The start of a new university year can expose students to all sorts of health woes. The experts explain how to boost your brain power and protect yourself from STIs and all those other nasties.
While the sweet smell of freedom after years of living at home can drive even the most serious of students to act a bit wildly - you need to remember to take care of yourself too.
A new uni term - whether you're starting afresh or returning from summer hols - means you'll be meeting new people, dealing with deadlines that approach faster than freight trains, enjoying late nights out, sleeping through your morning classes, and eating endless amounts of pretty terrible food.
By following our simple health survival guide, your body and your mind should be able to cope - and hopefully, you'll be able to avoid the more common pitfalls that uni life can throw your way.
And so we begin with the essential: knowing your limits. During the first term of university, it's likely that you'll be having lots of nights out. While we encourage you to enjoy yourself, it's also key to know when to stop - as the knock-on effects of drinking too much can lead to some unexpected, and unwelcome, consequences.
"Alcohol is a problem for all sorts of reasons and the first one is that if you've been drinking at all, you become disinhibited and are more likely to have unprotected sex or take risks you'd normally shy away from," warns Professor Steve Field, chairman of the Royal College of General Practitioners and a Birmingham-based GP.
"In the short term, alcohol affects your ability to work and concentrate," he adds. "But the knock-on effects go right through to long-term alcoholism and other health problems such as heart attack, weight gain and cancer."
So how much is too much? The recommended allowance for guys is three to four units a day, whereas for women it's two units. A glass of wine can have
anything from 1.5 to three units, depending on its size and strength.
If you are going on a bender, eat before you go out, don't mix your drinks, have a glass of water every other round, don't leave your glass unattended, stick with your (albeit new) friends and plan your journey home before you set out.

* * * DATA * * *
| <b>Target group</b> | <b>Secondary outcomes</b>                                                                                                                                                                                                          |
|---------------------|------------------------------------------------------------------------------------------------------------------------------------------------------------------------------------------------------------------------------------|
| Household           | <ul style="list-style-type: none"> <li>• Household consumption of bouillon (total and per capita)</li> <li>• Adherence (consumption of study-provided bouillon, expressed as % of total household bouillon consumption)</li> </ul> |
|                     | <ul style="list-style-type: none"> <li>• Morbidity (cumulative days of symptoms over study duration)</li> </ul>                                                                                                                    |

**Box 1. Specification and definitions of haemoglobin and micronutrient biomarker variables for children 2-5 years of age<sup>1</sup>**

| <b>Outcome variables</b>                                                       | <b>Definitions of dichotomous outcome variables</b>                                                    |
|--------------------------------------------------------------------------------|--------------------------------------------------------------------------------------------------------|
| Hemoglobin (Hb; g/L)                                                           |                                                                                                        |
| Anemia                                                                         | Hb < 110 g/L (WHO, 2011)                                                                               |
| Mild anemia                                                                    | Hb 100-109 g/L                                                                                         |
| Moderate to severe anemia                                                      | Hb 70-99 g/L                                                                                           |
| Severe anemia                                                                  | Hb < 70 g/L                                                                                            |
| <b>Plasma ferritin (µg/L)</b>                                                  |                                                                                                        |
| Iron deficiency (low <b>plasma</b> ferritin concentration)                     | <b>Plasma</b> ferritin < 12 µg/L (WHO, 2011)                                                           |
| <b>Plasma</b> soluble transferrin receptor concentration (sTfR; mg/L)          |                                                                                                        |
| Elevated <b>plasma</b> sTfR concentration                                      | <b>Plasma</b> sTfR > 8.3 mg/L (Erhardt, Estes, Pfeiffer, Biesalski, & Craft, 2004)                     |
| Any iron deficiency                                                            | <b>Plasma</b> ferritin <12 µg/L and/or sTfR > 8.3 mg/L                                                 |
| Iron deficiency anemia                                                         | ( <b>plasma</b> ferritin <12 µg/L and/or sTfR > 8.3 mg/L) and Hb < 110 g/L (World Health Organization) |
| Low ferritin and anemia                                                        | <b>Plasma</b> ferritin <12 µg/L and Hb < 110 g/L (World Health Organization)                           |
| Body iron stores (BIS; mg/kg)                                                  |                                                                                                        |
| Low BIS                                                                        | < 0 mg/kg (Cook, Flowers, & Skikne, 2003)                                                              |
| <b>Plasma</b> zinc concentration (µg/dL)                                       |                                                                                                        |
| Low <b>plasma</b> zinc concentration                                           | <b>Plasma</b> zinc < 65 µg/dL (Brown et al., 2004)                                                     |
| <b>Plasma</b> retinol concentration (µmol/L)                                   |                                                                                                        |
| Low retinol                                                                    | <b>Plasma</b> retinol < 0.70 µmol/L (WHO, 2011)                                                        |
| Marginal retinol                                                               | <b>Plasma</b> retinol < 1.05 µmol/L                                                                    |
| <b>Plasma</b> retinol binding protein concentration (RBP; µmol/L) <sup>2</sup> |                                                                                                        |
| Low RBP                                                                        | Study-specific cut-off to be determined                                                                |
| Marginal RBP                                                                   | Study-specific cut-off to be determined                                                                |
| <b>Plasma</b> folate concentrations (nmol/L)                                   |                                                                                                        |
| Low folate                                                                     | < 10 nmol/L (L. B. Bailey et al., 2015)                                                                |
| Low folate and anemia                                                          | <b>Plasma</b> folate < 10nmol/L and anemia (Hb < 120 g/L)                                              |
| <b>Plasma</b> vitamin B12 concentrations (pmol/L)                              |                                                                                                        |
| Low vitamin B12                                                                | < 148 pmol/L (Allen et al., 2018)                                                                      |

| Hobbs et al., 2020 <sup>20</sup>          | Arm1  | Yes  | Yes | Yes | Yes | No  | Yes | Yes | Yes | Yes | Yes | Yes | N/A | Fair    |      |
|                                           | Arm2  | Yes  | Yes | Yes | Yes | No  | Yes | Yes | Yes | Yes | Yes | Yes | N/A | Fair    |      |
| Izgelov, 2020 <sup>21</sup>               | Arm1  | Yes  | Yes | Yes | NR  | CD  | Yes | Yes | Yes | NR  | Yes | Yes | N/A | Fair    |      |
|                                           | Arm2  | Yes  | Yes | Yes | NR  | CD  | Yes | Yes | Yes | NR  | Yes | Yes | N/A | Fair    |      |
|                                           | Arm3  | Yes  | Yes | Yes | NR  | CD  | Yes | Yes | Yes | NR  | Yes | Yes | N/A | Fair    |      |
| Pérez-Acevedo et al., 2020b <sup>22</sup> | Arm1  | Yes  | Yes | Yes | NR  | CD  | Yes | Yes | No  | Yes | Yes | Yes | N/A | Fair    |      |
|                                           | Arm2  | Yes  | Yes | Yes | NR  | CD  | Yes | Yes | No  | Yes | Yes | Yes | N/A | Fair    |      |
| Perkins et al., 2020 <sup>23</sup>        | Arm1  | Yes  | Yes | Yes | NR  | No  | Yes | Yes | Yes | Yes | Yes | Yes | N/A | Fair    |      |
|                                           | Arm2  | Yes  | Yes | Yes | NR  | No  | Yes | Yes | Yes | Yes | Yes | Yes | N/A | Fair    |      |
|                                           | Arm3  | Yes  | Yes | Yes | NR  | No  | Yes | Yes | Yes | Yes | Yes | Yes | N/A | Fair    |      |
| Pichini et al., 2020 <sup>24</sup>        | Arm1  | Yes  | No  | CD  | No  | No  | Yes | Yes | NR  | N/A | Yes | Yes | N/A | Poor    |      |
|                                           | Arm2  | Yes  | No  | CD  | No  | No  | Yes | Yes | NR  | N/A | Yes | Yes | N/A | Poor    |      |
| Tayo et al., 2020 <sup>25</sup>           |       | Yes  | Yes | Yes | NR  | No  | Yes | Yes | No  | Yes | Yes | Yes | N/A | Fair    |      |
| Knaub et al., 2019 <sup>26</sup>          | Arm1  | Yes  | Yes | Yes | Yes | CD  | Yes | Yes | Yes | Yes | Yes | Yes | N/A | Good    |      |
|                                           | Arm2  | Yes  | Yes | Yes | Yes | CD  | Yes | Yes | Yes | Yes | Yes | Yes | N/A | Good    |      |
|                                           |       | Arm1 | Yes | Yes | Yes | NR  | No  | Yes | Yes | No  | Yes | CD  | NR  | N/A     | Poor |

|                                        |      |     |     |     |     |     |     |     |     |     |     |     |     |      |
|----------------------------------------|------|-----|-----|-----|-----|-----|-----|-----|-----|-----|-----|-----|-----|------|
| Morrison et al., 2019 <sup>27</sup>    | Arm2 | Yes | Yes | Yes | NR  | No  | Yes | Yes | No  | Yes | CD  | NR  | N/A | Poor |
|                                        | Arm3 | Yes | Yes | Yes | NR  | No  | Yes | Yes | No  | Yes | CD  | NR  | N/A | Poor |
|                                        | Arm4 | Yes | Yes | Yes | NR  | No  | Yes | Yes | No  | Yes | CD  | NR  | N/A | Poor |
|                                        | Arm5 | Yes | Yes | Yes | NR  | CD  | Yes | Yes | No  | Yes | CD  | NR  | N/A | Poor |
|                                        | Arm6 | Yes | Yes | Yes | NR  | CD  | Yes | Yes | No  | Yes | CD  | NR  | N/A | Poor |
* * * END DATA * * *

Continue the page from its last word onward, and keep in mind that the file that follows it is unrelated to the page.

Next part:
If you're interested in giving alcohol a miss, you could try Kudzu - a herbal supplement that's believed to help reduce alcohol cravings and
the nasty after-effects of a big night out.
Another alternative is to take herb milk thistle before and after drinking to help detoxify the liver. Milk thistle promotes the regeneration of new cells - perfect after obliterating them down the pub.
You're young, you're in the mood, and you're surrounded by your peers: it would be unrealistic to think that you won't be having sex - or at
least thinking about it, but be careful...
According to the Australian Department of Health and Ageing, STIs among 15-29 year olds made up three quarters of reported STIs!
"Students are at risk of STIs when they go to uni, particularly in the first few weeks where they're meeting new acquaintances and wanting to be sexually active," says Professor Field.
"The only way to help safeguard against your own risk is to use a condom. Some STIs, like chlamydia - which affects both men and women - often don't produce any symptoms, but you can render yourself infertile later in life because of it."
So what should you look out for? Any itching, swelling, redness around, or unusual discharge from, the vagina or penis, or pains in the lower abdomen, mean you should get yourself to your GP, family planning or sexual health clinic pronto.
Getting both yourself and your partner tested will help cut down your risk, but always be sure to wear protection, says Professor Field.
"Safe sex also includes not having sex," he says, "but if you can't do that, then remember to wear a condom whenever you get sexually active - in any way."
For more info on STIs go to www.sti.health.gov.au
:: FLAGGING ENERGY
You're probably bored just reading this article - and this isn't even a lecture! If you're finding uni hellish, it's likely that you're in need of some energy boosters.
Partying hard, eating badly and overextending yourself can lead to longer-term health effects, so it's important that you take time to exercise. Exercise helps keep you calm during exams, leading you to feel more energised and refreshed and - in turn - helps you perform better in your studies.
You don't have to become the captain of the uni football team - all you have to do is engage in some regular physical activity for 30 minutes five days a week. It will keep you at a healthy weight and lower your risk of major illnesses such as heart disease and cancer. Join a sports or activity group and you'll meet people too.
Certain vitamins can also help, such as Vitamin B and C. B vitamins are lost from the body due to smoking and alcohol consumption and from food during cooking and over processing. Vitamin C is needed for the transformation of food into energy, and is also an antioxidant that may help support the body's immune system - helping you avoid Freshers' Flu.